Financial decisions = akin to how animals find food

Your brain is like an animal's brain decision-wise

Some new brain research out of Wharton (UPenn) recently, and while it’s not entirely fleshed out yet and has more potential for research options, this is an amazing section:

One of the fascinating takeaways from our research is that people and animals tend to make very similar kinds of decisions when they are in similar contexts. Moreover, their brains seem to make these decisions using a similar set of mechanisms.

What this means is that we can infer that much of our own behavior, the choices we make, even in a very complex situation, such as a market, are driven by forces that evolved a long time ago to solve the kinds of problems that animals need to solve, such as finding food, finding a mate, and making friends and allies that will help to solve the problems that they need to solve.

Wow. Cool.

Here’s the thing: broadly, this shouldn’t surprise anyone. It’s only 2 percent of our DNA that truly separates us from chimps. That’s a pretty small amount, all told.

But think about this: when you’re running around trying to make complex financial decisions at your business/organization, in reality all you’re doing is a slightly-adjusted version of the same process by which an animal would find food. That’s remarkable to consider. We put so much pride and thought into “decision-makers!” and “executors!” when we hire and promote within organizations, and in reality everyone is just hitting a version of the same targets that an antelope might.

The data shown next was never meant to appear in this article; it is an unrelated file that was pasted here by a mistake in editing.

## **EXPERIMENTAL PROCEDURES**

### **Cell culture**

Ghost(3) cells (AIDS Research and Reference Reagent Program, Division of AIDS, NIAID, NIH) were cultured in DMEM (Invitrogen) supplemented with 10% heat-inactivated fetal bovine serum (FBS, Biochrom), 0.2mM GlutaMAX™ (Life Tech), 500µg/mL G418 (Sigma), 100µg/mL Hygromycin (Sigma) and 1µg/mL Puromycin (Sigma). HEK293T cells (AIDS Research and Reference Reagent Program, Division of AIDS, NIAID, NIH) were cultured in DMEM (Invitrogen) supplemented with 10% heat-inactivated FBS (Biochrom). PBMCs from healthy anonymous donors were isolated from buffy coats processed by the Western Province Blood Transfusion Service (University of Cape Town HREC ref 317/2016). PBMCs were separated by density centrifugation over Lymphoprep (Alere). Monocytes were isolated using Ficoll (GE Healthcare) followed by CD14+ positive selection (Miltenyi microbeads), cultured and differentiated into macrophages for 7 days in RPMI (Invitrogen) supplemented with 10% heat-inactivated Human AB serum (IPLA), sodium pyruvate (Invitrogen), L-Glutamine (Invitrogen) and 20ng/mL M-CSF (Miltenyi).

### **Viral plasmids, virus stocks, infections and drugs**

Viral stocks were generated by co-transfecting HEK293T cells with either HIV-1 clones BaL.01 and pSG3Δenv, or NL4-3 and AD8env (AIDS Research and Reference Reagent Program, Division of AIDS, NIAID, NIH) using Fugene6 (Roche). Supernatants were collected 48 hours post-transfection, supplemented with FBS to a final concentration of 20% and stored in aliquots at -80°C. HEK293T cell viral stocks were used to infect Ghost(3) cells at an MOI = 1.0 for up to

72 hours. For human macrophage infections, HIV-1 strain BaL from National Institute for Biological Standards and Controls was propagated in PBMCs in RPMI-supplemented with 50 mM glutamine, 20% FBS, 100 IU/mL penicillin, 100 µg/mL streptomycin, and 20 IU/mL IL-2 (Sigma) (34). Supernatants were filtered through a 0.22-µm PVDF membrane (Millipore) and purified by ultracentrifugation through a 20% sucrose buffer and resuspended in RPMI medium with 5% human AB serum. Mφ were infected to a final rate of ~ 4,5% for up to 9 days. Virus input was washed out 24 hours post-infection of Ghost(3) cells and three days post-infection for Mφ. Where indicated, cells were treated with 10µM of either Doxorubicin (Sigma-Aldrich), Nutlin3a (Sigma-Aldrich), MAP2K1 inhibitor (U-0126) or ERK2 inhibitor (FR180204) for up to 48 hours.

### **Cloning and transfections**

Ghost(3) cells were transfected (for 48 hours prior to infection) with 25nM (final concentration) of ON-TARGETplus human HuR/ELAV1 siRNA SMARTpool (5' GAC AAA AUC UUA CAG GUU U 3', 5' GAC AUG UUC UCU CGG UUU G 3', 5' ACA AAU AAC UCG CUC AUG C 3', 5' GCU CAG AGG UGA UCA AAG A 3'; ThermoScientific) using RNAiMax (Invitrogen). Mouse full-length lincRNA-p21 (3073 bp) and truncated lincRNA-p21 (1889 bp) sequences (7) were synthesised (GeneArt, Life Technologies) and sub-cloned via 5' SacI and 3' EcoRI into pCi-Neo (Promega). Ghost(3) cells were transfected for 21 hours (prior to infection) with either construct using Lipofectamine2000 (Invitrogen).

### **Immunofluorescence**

This should have massive implications for how we think about decision-making processes, priorities, and leadership — but in the eyes of most people, it probably won’t have any implications at all.

There’s one other tie here, though, that is important: your brain, just like animal brains, is set up to predict threats. That’s the primarily evolutionary function of the brain. The predicting of threats in a workplace context, which is done by a majority of bosses trying to hold onto their perch, is the essence of why work often sucks for people.

Next time you’re rushing around screaming about deliverables, imagine yourself as an animal chasing a mate/food. It might make you stop and laugh, at least.


Ted Bauer

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